Why digital Accessibility will fail without Automation

Automatic accessibility has sometimes rightly fallen into disrepute. This is mainly due to the so-called accessibility overlays, which usually do not contribute to the accessibility of a website, but often even worsen it.

However, my impression is that many persons are structurally conservative or fear that they could lose orders through automation. You can see that clearly in the translation industry. Tools like DeepL or Google Translate have gotten better and better in recent years for texts in everyday language. Specialist texts are a different topic.

Yes, there are crappy translations that are worse than the literal translations of late 90's tools. As a rule, however, it is about useful text, not about literary quality.

And we need good translation tools. There are persons who don't understand the original language well enough. At the same time, however, there is a need for many persons to understand texts in other languages.

We find similar problems in accessibility. Over the next few years, the need for testing will increase dramatically as some organizations take accessibility more and more seriously. In my opinion, the test routine that has been established today with the inflated BITV tests is not effective. The thousands of man-days that are put into this can also be used more sensibly. The current process is this: we do it wrong, have it tested, do it a little less wrong, have it tested and so on.

Without automation, we will hardly achieve any of the accessibility goals. Developers and designers need tools that are built directly into their workflows and help them avoid, identify and fix errors. We need speech-to-text engines that automatically subtitle films or convert podcasts to text. We need tools that also enable laypersons to write more understandable texts.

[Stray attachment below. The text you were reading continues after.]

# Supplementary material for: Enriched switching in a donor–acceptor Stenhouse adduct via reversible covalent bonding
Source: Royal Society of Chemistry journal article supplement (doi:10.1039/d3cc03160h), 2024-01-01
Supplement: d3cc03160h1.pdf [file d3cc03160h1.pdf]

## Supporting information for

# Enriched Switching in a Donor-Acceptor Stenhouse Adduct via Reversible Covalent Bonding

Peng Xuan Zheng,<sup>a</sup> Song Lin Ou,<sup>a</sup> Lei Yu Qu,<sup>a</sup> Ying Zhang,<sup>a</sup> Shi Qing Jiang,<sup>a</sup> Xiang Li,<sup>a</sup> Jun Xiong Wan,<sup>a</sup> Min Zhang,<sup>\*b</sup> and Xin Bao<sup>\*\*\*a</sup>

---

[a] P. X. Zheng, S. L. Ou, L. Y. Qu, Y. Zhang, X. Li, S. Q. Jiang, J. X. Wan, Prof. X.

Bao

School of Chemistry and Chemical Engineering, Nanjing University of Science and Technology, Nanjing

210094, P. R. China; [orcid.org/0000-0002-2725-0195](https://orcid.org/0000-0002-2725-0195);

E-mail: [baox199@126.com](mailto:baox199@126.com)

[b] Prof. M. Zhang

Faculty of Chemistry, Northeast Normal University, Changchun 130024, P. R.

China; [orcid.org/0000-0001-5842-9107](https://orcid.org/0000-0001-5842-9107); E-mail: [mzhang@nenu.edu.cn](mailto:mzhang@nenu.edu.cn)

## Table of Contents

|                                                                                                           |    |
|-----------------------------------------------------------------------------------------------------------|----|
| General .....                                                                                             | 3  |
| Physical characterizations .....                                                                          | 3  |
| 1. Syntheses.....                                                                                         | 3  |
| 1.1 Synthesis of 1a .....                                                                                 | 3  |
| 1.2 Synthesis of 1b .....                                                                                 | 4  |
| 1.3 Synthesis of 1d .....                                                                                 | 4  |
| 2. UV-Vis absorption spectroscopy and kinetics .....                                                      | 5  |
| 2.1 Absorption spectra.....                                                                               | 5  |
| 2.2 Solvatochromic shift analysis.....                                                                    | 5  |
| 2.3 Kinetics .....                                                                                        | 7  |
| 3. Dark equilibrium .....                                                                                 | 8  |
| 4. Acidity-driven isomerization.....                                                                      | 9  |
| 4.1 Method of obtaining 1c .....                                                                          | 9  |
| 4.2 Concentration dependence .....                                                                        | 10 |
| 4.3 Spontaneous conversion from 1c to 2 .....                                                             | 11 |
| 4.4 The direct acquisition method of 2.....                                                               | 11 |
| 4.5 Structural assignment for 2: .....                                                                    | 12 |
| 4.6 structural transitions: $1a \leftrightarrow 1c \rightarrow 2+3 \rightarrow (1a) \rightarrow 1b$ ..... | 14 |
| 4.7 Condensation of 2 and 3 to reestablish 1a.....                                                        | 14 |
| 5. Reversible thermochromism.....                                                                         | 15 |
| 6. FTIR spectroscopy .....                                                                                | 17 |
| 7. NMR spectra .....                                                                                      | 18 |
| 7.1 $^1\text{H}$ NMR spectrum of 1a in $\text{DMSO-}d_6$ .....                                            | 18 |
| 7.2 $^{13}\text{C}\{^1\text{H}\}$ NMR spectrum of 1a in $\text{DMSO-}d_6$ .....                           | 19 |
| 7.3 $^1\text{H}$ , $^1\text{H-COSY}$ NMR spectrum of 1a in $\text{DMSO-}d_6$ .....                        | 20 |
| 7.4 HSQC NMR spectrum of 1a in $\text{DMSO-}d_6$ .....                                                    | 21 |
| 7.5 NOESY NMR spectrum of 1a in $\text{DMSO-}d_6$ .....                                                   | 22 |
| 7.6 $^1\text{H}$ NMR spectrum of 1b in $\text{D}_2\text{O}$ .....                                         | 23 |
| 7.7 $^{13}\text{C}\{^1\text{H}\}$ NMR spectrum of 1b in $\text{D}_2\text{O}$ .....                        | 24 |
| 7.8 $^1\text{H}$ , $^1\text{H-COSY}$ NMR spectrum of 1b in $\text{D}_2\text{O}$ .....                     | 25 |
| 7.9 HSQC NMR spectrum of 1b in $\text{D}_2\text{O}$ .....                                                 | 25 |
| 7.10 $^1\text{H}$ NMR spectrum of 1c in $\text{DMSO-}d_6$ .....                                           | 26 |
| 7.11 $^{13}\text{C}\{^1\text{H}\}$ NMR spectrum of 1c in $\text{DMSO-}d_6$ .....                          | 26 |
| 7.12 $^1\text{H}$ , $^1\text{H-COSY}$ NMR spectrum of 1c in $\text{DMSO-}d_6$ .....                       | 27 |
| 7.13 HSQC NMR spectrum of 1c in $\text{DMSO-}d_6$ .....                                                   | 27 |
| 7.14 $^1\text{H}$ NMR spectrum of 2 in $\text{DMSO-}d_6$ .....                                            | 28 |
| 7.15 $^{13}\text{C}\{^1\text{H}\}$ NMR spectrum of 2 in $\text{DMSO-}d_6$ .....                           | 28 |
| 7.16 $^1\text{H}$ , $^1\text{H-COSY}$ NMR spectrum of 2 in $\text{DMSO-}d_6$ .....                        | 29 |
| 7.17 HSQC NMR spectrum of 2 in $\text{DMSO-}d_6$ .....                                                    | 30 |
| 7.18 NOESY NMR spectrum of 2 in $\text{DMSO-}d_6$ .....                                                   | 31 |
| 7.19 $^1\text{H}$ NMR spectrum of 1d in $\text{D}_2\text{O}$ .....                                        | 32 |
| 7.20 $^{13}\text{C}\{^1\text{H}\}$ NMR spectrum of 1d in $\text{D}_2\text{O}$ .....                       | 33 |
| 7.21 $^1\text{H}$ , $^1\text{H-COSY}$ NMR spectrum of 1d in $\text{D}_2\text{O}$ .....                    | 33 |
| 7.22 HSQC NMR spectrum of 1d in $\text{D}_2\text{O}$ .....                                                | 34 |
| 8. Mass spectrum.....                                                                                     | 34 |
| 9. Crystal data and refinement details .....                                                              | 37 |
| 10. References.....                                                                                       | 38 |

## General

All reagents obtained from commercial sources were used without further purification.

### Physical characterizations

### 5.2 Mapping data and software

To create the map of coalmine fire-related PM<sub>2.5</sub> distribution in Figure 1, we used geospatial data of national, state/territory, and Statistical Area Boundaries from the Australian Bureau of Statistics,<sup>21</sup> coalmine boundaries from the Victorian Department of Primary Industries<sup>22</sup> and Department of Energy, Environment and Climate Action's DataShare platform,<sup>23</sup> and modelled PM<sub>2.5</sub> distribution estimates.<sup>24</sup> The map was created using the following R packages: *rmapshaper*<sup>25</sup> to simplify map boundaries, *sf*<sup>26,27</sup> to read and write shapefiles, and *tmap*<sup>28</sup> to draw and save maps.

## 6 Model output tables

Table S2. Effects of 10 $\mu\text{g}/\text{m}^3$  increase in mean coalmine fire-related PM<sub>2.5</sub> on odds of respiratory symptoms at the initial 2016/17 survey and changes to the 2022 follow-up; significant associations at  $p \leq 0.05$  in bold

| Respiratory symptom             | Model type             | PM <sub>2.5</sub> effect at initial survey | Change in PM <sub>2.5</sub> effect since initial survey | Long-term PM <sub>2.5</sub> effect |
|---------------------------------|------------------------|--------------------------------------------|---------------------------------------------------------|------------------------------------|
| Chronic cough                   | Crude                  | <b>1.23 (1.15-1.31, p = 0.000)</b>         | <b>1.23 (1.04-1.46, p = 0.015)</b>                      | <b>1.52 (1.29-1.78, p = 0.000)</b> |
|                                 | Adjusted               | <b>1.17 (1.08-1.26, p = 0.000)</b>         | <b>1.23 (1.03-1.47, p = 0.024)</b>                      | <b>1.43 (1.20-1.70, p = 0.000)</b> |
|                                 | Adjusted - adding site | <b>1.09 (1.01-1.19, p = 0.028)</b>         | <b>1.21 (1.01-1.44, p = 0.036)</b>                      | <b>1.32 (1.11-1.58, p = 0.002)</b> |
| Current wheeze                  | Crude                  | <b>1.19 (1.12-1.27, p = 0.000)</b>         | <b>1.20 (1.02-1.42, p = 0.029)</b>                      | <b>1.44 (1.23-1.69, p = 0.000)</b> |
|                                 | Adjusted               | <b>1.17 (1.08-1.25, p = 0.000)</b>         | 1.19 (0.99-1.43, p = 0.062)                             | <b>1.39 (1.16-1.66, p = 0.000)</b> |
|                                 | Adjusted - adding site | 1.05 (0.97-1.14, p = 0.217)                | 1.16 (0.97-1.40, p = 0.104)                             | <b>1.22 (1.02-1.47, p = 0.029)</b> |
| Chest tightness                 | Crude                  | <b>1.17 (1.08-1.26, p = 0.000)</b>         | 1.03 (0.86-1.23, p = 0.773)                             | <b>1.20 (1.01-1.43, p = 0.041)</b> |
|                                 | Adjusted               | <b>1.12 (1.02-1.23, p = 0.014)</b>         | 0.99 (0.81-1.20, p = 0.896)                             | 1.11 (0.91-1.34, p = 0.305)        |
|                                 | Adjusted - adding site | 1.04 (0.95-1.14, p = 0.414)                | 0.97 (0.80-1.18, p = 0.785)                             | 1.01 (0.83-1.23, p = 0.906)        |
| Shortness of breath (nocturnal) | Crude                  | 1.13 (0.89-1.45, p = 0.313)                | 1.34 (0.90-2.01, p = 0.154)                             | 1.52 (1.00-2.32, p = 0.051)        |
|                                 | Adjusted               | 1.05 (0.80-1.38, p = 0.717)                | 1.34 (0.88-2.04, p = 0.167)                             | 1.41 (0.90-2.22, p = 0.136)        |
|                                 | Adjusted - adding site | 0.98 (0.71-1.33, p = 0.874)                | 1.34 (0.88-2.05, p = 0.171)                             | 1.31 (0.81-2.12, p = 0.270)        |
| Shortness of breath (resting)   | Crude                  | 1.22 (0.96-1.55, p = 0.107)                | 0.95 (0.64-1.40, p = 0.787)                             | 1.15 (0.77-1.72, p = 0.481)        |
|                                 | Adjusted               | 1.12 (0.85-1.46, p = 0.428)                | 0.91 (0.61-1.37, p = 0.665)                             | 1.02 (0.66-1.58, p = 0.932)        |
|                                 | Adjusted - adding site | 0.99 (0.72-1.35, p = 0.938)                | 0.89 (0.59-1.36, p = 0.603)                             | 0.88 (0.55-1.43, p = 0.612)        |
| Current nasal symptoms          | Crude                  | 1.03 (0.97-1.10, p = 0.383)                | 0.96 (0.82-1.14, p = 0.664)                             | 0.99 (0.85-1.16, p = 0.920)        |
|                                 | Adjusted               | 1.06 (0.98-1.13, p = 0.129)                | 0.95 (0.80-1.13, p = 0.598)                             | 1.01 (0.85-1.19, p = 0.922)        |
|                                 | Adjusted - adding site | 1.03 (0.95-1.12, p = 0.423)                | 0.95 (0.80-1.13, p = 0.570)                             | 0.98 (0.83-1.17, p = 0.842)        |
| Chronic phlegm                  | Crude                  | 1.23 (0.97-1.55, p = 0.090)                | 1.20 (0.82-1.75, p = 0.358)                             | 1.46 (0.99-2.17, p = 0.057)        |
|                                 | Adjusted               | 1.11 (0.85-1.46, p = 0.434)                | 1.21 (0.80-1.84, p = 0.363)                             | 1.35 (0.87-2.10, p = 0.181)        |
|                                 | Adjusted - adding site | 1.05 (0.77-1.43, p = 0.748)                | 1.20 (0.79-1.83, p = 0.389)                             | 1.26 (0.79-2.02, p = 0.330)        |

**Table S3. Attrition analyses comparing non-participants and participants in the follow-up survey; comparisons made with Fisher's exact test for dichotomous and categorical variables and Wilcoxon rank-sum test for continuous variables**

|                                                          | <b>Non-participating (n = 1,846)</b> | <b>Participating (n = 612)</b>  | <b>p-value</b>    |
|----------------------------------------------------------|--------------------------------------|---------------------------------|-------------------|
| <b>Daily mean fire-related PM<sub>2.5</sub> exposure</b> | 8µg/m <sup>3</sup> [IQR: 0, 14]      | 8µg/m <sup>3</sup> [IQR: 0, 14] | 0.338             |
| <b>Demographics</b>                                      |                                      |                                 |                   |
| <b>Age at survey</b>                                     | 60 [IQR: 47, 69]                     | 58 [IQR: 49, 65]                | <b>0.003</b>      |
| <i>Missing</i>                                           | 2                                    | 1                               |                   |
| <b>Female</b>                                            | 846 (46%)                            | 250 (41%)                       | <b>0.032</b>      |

With today's resources, it's not possible to create as many accessibility professionals as we need. There is a shortage of young talent - how many professionals under 35 do you know - and the non-accessibility professionals are already busy trying to keep up with their own discipline.

What we are currently feeling is not so much the lack of accessibility experts. We have an overall lack of human working power and financial resources. It's absurd to think that there are still persons doing things manually that could be completely automated.

Now no one is claiming that automation will solve all problems. We definitely need better tools. However, I have long suggested using the three methods of automation, heuristic expert analysis, and user feedback in combination.

Technology will not solve all problems

At the same time, be warned against naive technological optimism. There are two types of predictions: realistic and utopian. In principle, realists simply update current developments: computers are becoming a little faster, cars a little more economical, and so on. Utopians try to foresee what does not yet exist. Often they follow a naïve forced optimism, recognizable in the current environmental policy. If we replace all combustion cars with electric cars, do away with fossil fuels for heating and only heat with electricity, we will need enormous amounts of electricity and storage capacities. These cannot be achieved with the current technical innovation.

Neither will we develop technical solutions that solve all of today's accessibility problems. At least not in the lifetime of today's adults.

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